N is for Neofeudalism

 

Everything that was old is new again. Take feudalism, it’s making a comeback.

The US economy is trending towards wage bondage and economic polarization, with an all-American debt peonage that I’ve come to call neofeudalism.

Heterodox economist Michael Hudson explains how it works in an interview with Adam Simpson. Hudson has just written a book entitled–J is For Junk Economics: A Guide to Reality in an Age of Deception, where he deconstructs the positive economic jargon that influences our world and offers up a far bleaker view.

“Today, families entering the labor force are going to have to spend all their life working off the debt they need to take on in order to get an education to get a job, as well the debt they need to buy a car to drive to the job, and the mortgage debt for the house they need to live in to avoid rents going up and up. They have to spend all their life merely to pay their creditors, not to live better with more goods and services. Unlike serfdom, today’s workers can live wherever they want. But wherever they live, they have to produce value not only for their employers but also for the bankers.

These bankers (and bondholders) are the main exploiters today. So finance capitalism is overwhelming industrial capitalism. Instead of industrial capitalism evolving into socialism as was expected, it is retrogressing back to neo-serfdom and neo-feudalism. This is mainly because of the inability to bring debt within the industrial capitalist system to evolve into a socialist economy. That is what neoliberalism is sponsoring by financialization and privatization.”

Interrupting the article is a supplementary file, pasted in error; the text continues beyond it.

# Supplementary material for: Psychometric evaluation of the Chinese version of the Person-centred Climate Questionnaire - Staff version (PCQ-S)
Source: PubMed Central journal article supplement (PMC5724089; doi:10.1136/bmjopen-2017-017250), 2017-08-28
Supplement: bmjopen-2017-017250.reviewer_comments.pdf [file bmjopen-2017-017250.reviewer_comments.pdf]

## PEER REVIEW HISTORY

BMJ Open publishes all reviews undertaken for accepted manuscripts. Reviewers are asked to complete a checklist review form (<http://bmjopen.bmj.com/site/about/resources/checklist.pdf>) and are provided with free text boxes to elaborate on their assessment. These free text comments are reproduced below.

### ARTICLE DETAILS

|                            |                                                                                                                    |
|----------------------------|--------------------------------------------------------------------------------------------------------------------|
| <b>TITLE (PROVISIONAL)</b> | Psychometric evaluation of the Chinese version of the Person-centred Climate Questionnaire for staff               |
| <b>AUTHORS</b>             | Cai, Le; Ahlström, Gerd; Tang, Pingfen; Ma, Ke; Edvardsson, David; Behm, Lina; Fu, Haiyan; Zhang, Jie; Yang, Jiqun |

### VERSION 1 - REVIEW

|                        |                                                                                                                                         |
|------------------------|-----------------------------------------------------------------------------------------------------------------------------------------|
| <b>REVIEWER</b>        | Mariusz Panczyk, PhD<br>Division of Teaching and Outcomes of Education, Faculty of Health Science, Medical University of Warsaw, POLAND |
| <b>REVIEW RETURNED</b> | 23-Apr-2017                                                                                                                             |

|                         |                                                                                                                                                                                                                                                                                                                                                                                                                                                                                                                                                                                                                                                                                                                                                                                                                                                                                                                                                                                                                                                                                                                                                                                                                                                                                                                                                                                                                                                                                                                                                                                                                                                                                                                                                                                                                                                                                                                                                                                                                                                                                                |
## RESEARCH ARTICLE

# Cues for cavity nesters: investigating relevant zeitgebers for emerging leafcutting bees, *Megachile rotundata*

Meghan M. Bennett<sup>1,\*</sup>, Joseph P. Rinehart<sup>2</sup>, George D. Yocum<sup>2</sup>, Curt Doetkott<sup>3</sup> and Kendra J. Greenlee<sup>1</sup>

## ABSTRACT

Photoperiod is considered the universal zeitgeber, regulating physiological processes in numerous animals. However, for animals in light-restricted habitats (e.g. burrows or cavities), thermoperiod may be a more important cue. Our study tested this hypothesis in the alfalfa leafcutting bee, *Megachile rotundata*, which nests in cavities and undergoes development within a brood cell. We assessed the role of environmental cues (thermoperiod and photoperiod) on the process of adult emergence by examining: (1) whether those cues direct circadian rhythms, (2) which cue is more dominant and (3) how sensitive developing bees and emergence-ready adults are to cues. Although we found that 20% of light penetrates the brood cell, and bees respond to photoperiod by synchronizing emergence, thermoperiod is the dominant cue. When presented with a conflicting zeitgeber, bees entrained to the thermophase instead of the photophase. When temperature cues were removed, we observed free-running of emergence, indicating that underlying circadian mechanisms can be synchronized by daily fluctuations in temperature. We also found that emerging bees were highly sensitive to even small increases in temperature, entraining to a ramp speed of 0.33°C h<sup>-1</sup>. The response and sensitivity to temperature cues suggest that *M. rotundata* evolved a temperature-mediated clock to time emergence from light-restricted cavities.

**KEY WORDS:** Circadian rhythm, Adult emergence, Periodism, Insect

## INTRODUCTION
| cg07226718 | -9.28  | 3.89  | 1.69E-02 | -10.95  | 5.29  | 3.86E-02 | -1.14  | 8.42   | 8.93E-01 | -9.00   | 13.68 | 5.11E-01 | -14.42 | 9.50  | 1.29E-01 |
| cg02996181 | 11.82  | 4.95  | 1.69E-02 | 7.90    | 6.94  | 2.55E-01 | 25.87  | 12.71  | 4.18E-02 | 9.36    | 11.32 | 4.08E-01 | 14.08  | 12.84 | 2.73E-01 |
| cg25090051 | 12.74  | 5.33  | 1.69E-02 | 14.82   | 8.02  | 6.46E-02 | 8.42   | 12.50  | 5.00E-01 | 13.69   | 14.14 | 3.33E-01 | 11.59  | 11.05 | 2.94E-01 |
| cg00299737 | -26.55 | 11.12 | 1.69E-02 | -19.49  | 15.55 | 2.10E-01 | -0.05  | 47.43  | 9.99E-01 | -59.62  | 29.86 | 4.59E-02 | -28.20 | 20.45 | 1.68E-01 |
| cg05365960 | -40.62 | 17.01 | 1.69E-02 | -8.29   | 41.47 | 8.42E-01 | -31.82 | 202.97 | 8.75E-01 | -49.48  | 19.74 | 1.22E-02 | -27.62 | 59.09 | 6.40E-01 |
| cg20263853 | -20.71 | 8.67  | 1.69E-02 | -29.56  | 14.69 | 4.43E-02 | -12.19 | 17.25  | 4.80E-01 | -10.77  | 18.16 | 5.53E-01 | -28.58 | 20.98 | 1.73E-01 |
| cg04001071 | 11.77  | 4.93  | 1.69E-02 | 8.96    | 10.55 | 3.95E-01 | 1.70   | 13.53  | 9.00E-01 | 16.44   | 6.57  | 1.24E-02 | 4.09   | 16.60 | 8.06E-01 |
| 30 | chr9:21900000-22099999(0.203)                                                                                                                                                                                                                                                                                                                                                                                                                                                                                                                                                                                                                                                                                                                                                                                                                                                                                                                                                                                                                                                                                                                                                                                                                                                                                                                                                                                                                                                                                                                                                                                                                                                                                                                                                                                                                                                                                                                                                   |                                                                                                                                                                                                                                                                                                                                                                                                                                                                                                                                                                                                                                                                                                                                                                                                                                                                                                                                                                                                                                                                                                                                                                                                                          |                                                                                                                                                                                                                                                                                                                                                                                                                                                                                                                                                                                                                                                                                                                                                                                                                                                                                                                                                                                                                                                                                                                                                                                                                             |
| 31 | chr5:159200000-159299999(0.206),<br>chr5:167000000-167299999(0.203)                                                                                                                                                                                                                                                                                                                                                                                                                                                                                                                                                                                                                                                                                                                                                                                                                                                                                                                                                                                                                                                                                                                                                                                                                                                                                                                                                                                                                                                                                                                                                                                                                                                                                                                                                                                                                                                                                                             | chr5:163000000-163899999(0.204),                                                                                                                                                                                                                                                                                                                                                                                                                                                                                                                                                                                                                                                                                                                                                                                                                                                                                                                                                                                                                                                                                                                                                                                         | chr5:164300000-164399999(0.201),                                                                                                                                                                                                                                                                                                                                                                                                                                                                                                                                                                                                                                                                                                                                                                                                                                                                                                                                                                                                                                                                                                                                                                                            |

The sad truth of the matter is that the middle-ages serfs had it better. They had a lord to act as their protector, a small garden plot to till and some chickens to raise. Indeed, the good folk of the Middle Ages were enjoying far more of the good life than we are in our technologically-advanced society. What they had that we’ve neglected are community and culture, as historian Juliet Schor reminds us:

“The medieval calendar was filled with holidays …These were spent both in sober churchgoing and in feasting, drinking and merrymaking …All told, holiday leisure time in medieval England took up probably about one third of the year. And the English were apparently working harder than their neighbors. The ancien régime in France is reported to have guaranteed fifty-two Sundays, ninety rest days, and thirty-eight holidays. In Spain, travelers noted that holidays totaled five months per year.”

I remember reading science fiction as a kid, where the citizens of the future had minimal, rewarding work leaving plenty of time to write, paint, and pursue a life of leisure if they desired. These future beings were able to attend to family, friends and community.

That sort of world has turned out to be a cruel joke, as Hudson elaborates.

“If you told anyone a century ago about the rise in productivity, they’d think that people would only have to work one or two days a week. There would be a lot of leisure time. But the opposite is happening. People are being squeezed, they’re having to work overtime. They’re struggling just to break even. They’re one paycheck away from missing a utility payment. They can’t afford to campaign for better working conditions, much less go on strike.”